**Updated Oct 24, 2018
Your B2B service website pages is the meat of your website. These are usually the second page folks will visit. Depending on your search engine optimization, these landing pages might include the homepage, an industry page or your Service page(s). So even though we concentrate so much on the homepage, your Services or Product sales pages should be just as important when it comes to your content. This is your chance to show off to your customers that you get them. This is your chance to show them that you understand their specific problems and their specific needs.
Then you can show them how you can help solve them. Show them why you are uniquely qualified to be the answer to their problem.
This service page content list is going to guide your visitors and highlight the difference between you and your competitors, describe problems, and explain solutions.
This b2b website page is where you can go into great detail about your company's services.
8 Key Elements For Your B2B Service Website Page
- One Topic Per Page.
If you have enough information, it is best to provide a page per topic. This allows you to concentrate on a single purpose and really target a specific audience. The kicker is that it needs to have at least 500 - 700 words for it to have enough substance to be considered a page. You have to admit, it looks a little strange to land on a page with 2-3 sentences. It's like saying, "Yup. That's it. That's all we do. Not much to it." Of course that's not what you want your customers to think. You know what you do is complicated and takes expertise, problem-solving, creativity, and determination to provide your solution.
- Lose the Jargon.
Believe me, I understand how easy it is to fall back into industry speak. I have to remind myself of the same thing. When you are writing your content do your best to remove the acronyms and catchphrases. When creating your services pages, always consider your customers first. Even if you are in an industry filled with jargon, don't always assume that the purchase manager understand it. The old adage to keep it simple is the best adage.
- Section The Content
Then each page should be sectioned into subparagraphs, lists, and graphs or imagery. You've seen those long pages that seem to be endless. Remember back in high school when you opened the text book and saw the endless writing? Do you remember thinking, "Oh my! I gotta read all of that?" It's the same for your customers. Your sales page is not a white paper. It's not your research results. It's not your dissertation.
Your sales pages helps you sell your services. By breaking up the content you help your users understand and digest your content easier. There is this myth that people have short attentions spans due to the internet. That's actually not true. The study goes back to a 2014 Canadian Microsoft study about gamers. They applied the attention spam of gamers to all internet users. But, really, we are getting better at processing information and encoding it into memory.
Chunking your content helps users retain this information.
- Short or Long?
Long paragraphs, short paragraphs, it doesn't matter overall. You can have 2 sentences or 10 as long as it is clear. It seems the old days with a formal layout of paragraphs are gone. In my opinion, keeping your paragraphs relevant to a single idea or topics is the best format.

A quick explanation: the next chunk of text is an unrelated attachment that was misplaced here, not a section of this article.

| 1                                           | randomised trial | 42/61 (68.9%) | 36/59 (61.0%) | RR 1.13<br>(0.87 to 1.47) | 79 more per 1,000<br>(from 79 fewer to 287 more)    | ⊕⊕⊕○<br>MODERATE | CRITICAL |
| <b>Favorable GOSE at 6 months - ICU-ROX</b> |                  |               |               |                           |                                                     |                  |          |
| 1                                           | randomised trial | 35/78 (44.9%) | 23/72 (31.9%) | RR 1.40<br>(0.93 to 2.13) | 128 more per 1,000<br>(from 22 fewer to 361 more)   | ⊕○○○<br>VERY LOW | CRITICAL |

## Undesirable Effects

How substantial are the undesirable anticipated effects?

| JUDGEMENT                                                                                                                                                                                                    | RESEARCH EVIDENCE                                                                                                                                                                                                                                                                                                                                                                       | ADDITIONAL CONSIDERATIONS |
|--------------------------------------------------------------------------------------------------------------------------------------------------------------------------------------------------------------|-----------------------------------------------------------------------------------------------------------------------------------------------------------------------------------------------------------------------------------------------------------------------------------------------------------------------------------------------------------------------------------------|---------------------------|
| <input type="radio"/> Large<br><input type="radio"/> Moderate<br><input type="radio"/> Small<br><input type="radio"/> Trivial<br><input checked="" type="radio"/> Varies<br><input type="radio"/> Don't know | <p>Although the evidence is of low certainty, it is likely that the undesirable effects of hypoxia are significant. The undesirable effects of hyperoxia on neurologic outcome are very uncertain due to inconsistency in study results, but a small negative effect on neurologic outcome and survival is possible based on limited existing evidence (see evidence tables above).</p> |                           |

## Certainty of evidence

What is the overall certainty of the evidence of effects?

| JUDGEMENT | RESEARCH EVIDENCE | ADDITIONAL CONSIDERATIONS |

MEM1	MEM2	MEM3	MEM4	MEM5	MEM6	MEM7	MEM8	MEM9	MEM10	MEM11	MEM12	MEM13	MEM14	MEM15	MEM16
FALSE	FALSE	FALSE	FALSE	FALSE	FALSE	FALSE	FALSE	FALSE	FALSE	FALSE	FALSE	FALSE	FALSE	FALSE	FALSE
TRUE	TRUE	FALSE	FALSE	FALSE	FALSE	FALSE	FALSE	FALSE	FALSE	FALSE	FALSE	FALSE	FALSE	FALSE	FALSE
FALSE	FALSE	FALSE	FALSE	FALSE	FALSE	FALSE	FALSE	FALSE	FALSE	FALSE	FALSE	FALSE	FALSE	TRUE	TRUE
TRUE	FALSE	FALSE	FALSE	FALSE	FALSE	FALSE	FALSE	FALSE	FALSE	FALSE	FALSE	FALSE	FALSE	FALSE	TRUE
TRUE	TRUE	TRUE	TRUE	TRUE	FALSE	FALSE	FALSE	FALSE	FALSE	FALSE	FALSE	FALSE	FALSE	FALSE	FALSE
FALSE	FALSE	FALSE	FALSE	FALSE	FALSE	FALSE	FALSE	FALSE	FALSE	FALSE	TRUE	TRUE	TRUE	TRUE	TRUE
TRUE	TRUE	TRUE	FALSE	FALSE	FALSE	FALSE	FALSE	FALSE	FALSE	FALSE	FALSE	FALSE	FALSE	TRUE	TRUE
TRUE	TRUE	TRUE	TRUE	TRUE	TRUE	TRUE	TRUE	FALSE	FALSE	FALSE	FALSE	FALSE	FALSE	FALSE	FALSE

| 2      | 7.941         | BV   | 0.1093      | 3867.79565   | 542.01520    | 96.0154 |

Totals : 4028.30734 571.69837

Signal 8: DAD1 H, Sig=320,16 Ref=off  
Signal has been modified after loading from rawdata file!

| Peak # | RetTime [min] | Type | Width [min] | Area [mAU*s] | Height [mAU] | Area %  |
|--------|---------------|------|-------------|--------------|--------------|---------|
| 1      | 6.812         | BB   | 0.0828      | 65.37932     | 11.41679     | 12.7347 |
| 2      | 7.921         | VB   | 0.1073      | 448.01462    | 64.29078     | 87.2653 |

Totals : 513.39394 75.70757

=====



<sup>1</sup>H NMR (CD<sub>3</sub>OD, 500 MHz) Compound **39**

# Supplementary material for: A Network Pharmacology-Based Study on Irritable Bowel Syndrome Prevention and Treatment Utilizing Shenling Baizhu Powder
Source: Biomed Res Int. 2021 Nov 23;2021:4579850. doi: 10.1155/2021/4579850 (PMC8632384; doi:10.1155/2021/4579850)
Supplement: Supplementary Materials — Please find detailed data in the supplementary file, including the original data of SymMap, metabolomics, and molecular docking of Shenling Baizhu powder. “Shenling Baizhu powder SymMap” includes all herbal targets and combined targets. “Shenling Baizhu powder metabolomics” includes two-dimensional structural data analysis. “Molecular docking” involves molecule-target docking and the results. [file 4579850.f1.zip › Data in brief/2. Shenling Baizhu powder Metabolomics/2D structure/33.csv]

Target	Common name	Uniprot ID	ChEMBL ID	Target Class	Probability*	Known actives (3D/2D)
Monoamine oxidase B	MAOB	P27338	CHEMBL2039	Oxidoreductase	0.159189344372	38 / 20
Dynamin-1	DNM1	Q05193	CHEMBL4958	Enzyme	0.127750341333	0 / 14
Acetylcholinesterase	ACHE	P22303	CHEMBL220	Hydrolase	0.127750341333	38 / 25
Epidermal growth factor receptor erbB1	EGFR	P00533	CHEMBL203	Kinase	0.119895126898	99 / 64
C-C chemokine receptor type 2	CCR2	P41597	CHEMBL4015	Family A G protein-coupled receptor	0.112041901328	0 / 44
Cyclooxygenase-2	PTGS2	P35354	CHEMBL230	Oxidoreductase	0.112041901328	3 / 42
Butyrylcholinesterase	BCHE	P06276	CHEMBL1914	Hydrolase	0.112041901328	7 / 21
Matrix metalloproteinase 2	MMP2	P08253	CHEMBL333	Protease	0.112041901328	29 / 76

- Watch the Hype.
Hype makes your writing sound hyped up and a tad untrustworthy. Phrases like “quality products” and “superior customer service” are also difficult to explain. It's also basic level. A quality product means what? Shouldn't every very product be a quality product? It's best to quantify what quality service means; within a budget, guaranteed delivery, is it a unique product or service?
- Call To Action
This is where you need to boost your persuasiveness. This is where you need to give them a reason to call you or complete a specific form. We don't want to lose your visitors. It would be best if we could capture their email in some capacity.
- Photography. This is also where I like to discuss the images you want to use. Your services should not only reflect your services but also your customers. Having an image of a kitchen remodel you might have done or a project on-site, is so great. But, take a closer look. Does it show a messy kitchen, maybe a coffee mug, some paper towels wadded up, a dirty spoon on the counter? Does the project site show an unorganized workplace? Is an employee not wearing proper gear?
- Video of the Service
A video could be one that you create or it can be one you find on YouTube or Vimeo that explains what you do.
- Industry Pages.
Consider focusing your sales pages on content that focuses on each specific target industry.
If you'd like to learn more about converting visitors to customers, visit this short blot post.
As usual, I really do hope this is helpful. See you!
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Example Service pages
An industrial website with several products and services; https://enviroshieldproducts.com/products/spill-kits/
Having multiple services can often confuse customers. Having a page that directs users based on their needs is a great solution; https://hortonworks.com/solutions/
Listing out each service helps define your target market; https://www.kenallinc.com/
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